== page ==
Coincidentally, a personal computer, an Apple II, joined our family at that time. My kids loved to play Space Invaders on it. And then the coup de foudre: computer-controlled dobby became available for the studio weaver! What an example of being in the right place at the right time. I loved computer-assisted weave design and the patterning possibilities it opened up. I wove, taught, and began writing articles about multishaft and dobby weaving. I eventually became contributing editor for Weaver’s magazine, working with the wonderful Madelyn van der Hoogt. I came across the amazing work of Masson & Roussel in Shaft Weaving and Graph Design, an English translation of Tissage à Lames et Graphisme, revealing the possibilities of network drafting. With Madelyn’s encouragement, in 1994 I wrote Network Drafting: an Introduction, to introduce the concepts of network drafting to handweavers. This work is still in print. Several other looms cycled in and out of my studio, notably 24-shaft and 40-shaft dobby looms. I enjoyed designing for all of them, particularly with the techniques of network drafting.
In the late 1990’s I saw a demo of the TC-1 Thread Controller and coincidentally learned Adobe Photoshop skills. That was another turning point. I saw that a weaver could use Photoshop and its pixel-editing capabilities to create files readable by a jacquard-type loom. So binary! So logical! Black and white. Black means thread up, white means thread down. I loved it. I had been corresponding with Bhakti Ziek, artist and weaver; her expertise in weave structure as a university-level teacher and her knowledge of industrial jacquard looms along with with my interest in Photoshop, devolved into The Woven Pixel: Designing for Jacquard and Dobby Looms Using Photoshop® and Photoshop Elements®. This 2006 work included a CD with over 1400 pattern presets, an achievement of which Bhakti and I were very proud.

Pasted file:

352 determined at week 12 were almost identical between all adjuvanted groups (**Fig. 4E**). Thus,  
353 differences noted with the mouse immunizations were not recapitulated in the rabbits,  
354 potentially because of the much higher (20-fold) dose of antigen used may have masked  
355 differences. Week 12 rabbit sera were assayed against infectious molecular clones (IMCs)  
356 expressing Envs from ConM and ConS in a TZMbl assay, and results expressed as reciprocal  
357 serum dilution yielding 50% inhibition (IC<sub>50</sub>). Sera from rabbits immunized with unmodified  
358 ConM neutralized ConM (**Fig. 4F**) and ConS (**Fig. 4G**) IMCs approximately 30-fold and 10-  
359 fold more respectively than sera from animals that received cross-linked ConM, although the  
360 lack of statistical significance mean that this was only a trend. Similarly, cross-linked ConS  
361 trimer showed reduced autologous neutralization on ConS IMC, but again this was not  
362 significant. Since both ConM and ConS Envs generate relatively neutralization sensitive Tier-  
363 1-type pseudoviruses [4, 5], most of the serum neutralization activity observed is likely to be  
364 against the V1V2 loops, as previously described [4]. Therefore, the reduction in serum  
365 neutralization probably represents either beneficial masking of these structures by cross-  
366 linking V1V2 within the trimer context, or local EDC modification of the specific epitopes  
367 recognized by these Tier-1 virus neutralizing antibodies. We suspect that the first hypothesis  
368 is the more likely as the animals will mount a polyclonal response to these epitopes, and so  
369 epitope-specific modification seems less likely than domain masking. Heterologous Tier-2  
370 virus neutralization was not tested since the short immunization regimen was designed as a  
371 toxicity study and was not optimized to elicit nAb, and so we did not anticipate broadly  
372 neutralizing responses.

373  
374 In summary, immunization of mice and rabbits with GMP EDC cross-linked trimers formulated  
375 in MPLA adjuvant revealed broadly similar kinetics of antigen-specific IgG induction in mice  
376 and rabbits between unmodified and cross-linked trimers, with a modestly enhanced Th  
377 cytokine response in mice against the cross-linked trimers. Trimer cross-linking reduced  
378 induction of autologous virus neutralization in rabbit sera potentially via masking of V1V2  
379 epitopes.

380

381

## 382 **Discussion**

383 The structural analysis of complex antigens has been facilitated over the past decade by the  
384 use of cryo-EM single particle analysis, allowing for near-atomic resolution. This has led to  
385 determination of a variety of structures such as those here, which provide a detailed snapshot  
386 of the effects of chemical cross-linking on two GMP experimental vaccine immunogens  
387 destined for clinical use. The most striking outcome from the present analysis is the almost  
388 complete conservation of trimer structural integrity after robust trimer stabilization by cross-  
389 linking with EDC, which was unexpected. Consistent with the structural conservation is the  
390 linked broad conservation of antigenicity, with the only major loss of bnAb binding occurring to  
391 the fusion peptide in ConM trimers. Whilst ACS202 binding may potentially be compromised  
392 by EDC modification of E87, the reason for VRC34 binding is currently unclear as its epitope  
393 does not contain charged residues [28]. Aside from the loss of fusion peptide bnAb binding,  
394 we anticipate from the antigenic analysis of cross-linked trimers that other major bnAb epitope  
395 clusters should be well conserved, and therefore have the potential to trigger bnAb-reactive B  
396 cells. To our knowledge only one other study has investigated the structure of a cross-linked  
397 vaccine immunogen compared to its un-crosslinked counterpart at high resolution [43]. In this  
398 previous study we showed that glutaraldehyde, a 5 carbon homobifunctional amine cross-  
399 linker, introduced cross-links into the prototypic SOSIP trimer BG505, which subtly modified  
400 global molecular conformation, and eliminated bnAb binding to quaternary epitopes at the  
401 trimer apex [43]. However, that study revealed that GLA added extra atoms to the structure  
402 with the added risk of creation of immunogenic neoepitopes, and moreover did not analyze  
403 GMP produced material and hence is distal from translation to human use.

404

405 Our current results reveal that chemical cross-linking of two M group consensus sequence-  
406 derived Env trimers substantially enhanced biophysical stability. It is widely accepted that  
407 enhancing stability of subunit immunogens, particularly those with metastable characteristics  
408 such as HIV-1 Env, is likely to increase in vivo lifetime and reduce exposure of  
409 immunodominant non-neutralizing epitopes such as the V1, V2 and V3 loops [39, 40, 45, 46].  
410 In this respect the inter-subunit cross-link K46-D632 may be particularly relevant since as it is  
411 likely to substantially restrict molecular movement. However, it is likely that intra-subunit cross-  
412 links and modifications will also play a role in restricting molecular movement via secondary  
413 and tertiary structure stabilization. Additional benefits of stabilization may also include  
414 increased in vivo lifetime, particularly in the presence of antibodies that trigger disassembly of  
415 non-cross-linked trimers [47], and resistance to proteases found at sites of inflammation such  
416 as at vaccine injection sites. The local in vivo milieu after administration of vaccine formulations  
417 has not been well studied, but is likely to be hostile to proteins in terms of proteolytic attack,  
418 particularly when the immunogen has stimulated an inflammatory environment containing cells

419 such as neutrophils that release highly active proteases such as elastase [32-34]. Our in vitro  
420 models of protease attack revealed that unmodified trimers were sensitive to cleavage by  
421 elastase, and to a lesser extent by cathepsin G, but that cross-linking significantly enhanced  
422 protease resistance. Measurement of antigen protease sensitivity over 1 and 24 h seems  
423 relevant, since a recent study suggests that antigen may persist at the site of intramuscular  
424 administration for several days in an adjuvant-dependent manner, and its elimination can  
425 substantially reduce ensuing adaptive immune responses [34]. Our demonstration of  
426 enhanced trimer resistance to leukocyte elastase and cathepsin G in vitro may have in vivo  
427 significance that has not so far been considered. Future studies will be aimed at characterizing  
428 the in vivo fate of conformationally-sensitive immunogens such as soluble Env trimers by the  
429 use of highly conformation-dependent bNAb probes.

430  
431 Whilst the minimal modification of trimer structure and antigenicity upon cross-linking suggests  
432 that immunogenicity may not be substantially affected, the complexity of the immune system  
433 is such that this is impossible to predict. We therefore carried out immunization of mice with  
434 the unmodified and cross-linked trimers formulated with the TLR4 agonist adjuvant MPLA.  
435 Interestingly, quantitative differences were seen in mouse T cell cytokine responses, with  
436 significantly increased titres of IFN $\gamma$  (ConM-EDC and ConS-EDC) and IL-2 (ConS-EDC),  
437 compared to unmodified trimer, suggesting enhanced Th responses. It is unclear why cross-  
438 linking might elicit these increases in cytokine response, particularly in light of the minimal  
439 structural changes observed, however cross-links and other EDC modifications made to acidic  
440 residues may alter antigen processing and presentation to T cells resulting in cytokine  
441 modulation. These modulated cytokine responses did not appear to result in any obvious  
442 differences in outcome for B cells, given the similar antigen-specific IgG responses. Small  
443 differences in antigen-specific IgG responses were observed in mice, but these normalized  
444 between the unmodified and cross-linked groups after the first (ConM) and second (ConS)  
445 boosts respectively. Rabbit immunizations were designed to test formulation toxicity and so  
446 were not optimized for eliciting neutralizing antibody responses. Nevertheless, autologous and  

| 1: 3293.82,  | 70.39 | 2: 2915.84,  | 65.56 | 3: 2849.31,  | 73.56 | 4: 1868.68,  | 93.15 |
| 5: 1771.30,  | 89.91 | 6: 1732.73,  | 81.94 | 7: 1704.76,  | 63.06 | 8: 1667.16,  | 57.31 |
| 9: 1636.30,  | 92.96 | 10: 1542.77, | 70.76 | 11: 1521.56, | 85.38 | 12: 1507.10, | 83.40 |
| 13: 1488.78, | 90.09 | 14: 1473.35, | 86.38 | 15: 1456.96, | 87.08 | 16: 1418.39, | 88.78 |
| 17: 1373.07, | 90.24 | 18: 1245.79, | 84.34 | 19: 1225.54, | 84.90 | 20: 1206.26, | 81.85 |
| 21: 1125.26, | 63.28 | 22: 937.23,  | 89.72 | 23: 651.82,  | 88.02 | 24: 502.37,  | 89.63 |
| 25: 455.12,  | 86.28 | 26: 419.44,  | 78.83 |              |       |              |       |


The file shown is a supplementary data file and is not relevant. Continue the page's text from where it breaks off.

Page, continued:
In the following years, teaching workshops and more writing occupied my time. I self-published monographs on crepe and lampas. I started a blog, www.weaverly.typepad.com, which is part weaving journal and part informational site for my publications.
In 2019 my husband and I downsized; I pared down my studio to a few small looms and parted with my beloved TC-1, kept some of my yarns and most of my weaving books, and we left our house of 48 years for a retirement community. I teach the occasional weaving class, and have discovered a surprising fascination with the rigid heddle loom. I continue to enjoy dobby weaving, and I’m currently working on a monograph on amalgamation in weaving.
I love being part of the worldwide weaving community and treasure the friends I have met through weaving. I’m grateful for the fund of weaving knowledge that has been available to me, and look forward to passing this knowledge along to others for many more years.
Alice blogs at www.weaverly.typepad.com.
Images: Featured image – Ginkgo Leaves. Tall Girl. Lampas B007
NEXT TIME: Susie Taylor